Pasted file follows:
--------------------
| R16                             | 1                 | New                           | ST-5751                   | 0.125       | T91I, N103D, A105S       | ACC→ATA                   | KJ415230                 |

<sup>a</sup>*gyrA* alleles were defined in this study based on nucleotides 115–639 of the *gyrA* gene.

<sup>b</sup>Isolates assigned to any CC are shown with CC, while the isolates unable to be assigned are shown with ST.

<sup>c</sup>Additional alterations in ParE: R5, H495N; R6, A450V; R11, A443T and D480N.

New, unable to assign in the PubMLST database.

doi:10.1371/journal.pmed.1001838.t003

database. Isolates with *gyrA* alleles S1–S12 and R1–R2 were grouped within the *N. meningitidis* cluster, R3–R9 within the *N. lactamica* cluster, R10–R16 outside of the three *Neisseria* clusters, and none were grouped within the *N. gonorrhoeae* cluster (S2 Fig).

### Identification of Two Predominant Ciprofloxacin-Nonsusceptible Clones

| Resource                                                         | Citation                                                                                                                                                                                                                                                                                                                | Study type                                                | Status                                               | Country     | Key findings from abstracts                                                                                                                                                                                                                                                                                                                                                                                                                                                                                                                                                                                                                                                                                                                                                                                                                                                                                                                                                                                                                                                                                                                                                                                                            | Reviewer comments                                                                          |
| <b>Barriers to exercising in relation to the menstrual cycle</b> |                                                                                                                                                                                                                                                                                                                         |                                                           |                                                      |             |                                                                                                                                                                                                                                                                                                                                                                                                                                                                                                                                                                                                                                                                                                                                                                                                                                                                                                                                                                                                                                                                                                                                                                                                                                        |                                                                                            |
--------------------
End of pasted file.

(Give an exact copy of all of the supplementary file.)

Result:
| R16                             | 1                 | New                           | ST-5751                   | 0.125       | T91I, N103D, A105S       | ACC→ATA                   | KJ415230                 |

<sup>a</sup>*gyrA* alleles were defined in this study based on nucleotides 115–639 of the *gyrA* gene.

<sup>b</sup>Isolates assigned to any CC are shown with CC, while the isolates unable to be assigned are shown with ST.

<sup>c</sup>Additional alterations in ParE: R5, H495N; R6, A450V; R11, A443T and D480N.

New, unable to assign in the PubMLST database.

doi:10.1371/journal.pmed.1001838.t003

database. Isolates with *gyrA* alleles S1–S12 and R1–R2 were grouped within the *N. meningitidis* cluster, R3–R9 within the *N. lactamica* cluster, R10–R16 outside of the three *Neisseria* clusters, and none were grouped within the *N. gonorrhoeae* cluster (S2 Fig).

### Identification of Two Predominant Ciprofloxacin-Nonsusceptible Clones

| Resource                                                         | Citation                                                                                                                                                                                                                                                                                                                | Study type                                                | Status                                               | Country     | Key findings from abstracts                                                                                                                                                                                                                                                                                                                                                                                                                                                                                                                                                                                                                                                                                                                                                                                                                                                                                                                                                                                                                                                                                                                                                                                                            | Reviewer comments                                                                          |
| <b>Barriers to exercising in relation to the menstrual cycle</b> |                                                                                                                                                                                                                                                                                                                         |                                                           |                                                      |             |                                                                                                                                                                                                                                                                                                                                                                                                                                                                                                                                                                                                                                                                                                                                                                                                                                                                                                                                                                                                                                                                                                                                                                                                                                        |                                                                                            |